The following is a post by Cindy Connelly Ryan, Preservation Science Specialist, Preservation Research and Testing Division (PRTD). Cindy does conservation science research and analysis of collection items using a variety of analytical techniques from x-rays to light beams and is an expert in the re-creation of obsolete historic artists’ materials.
“It smells like curry in here. Are you guys cooking lunch in the chemistry lab?” asked my puzzled colleague. If the Library Safety Office is reading this, I hasten to assure you that we were not! I was making some colorant samples for our collection of reference materials. But two of the plants I was simmering that morning to extract their colorants were indeed the spices saffron and turmeric. Today’s post explores a little known link between fall’s glowing colors and its festive foods: traditional dyer’s materials that are also edible. Although most of the colorants found in the Library’s collections are not edible, and some are even poisonous, a surprising number may be in your kitchen! Join me for a feast of foods and colors.
We’ll begin with a few appetizers. First up, a lemony sumac soup (The new food of life: a book of ancient Persian and modern Iranian cooking and ceremonies, page 74) with onion and chopped herbs. Sumac varieties grow worldwide, and the crushed seeds are an especially popular seasoning in Middle Eastern cooking, the star of Fattoush salad (Artichoke to za’atar: modern Middle Eastern food, page 289), flatbreads with za’atar, and as a garnish for kebabs and dips.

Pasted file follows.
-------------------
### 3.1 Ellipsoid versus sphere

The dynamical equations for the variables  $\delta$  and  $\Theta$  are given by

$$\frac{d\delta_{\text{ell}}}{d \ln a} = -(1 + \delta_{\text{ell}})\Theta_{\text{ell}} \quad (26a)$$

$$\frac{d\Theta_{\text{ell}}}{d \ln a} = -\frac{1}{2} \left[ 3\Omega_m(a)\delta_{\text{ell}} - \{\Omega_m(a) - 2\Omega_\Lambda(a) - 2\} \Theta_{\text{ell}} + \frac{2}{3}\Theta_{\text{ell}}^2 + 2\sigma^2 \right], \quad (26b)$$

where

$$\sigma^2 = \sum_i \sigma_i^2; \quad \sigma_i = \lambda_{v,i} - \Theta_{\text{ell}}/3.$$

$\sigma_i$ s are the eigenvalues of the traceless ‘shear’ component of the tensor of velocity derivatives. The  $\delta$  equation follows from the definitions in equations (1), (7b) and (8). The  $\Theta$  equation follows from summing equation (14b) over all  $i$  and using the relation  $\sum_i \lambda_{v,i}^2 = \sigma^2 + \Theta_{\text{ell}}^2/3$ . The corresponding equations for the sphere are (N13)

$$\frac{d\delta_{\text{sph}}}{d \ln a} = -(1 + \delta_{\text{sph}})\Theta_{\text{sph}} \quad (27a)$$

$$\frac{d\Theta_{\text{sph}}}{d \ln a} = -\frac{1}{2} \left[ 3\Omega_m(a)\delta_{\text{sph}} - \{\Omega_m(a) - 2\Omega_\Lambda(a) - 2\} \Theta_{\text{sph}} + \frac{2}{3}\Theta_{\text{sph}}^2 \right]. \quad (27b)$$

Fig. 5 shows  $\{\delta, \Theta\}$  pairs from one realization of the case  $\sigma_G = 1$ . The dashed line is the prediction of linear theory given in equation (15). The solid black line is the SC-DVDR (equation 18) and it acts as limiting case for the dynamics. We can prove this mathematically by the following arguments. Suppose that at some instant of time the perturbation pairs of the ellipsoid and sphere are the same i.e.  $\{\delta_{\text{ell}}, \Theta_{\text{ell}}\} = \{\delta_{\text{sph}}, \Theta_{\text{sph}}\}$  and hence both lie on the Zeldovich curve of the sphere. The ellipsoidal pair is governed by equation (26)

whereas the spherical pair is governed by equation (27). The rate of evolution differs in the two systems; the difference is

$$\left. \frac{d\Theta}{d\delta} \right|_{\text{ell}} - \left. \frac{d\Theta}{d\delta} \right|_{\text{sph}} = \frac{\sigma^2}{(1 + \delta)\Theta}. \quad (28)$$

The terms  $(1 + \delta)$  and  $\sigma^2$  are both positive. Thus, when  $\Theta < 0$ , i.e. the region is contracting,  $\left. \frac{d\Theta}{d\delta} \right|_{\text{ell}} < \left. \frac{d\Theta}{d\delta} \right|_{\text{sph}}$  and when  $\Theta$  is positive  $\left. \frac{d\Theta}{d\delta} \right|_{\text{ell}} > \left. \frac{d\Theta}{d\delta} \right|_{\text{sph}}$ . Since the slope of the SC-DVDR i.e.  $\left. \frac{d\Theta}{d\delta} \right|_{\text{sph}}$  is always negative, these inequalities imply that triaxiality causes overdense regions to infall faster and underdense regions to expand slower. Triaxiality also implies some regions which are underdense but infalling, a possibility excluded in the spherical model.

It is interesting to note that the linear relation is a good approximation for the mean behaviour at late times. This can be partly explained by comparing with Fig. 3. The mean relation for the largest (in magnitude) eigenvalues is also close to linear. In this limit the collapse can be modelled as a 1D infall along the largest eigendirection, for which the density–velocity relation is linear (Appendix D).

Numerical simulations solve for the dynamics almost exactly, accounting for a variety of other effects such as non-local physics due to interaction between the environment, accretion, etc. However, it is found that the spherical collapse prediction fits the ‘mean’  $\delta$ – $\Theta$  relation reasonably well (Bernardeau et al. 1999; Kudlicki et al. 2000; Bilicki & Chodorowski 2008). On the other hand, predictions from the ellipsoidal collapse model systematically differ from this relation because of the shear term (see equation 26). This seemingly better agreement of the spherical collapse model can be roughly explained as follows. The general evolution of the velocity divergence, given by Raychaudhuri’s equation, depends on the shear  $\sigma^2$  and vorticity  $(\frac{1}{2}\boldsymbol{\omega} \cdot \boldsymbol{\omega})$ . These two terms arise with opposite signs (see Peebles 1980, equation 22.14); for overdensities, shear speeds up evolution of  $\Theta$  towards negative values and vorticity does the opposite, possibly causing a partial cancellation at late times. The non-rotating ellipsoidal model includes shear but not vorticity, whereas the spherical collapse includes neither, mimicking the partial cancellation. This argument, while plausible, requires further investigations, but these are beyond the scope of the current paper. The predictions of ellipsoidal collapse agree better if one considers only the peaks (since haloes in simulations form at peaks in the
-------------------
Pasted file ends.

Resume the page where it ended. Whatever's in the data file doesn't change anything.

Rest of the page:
Less well known today are sumac’s craft and artistic uses. The barks and leaves yield tannins used for textile dyeing and leather tanning, and Swedish naturalist Pehr Kalm noted the use of sumac for dyeing wool orange by North American settlers in the early 1740s. Sumac’s use by Native Americans is centuries older, based on archaeobotanical seed records and travelers’ observations from the 1580s. And sumac berries and bark have been used as trade goods since at least the 11th century, as we know from the excavation of a wrecked ship off the coast of Türkiye.
Another yellow colorant traded from the early Americas to Europe is annatto, or achiote, long used as a textile dye in Peru and traded as far as Europe by the 16th century, where it was used to dye silks and make watercolors, as this 1764 treatise instructs. Annatto is still used to deepen the orange hue of foods, including cheddar cheese (go check your fridge!), and is especially common in recipes from the Yucatan region of Mexico. For our second appetizer, let’s fire up the grill and enjoy achiote paste with a bit of salt and lime juice rubbed onto skewers of potatoes, peppers, shrimp, or fish.
Perhaps the most prized of the delicious yellow dyes is saffron, long used for manuscript illuminations in India, the Middle East, North Africa and Europe, as we know from artists’ manuals including those of Ibn Badis, Cennini, and others. Kalm noted its wide cultivation by southern New Jersey settlers in the 1740s, likely for both culinary and color use. As a spice, saffron is essential in rice-based dishes such as paella, plov, and biryani, and has been used since the Roman era in seafood dishes and soups. To honor that lineage, today’s menu includes a traditional southern Italian pasta dish with a saffron cream sauce (The Authentic Pasta Book, page 239).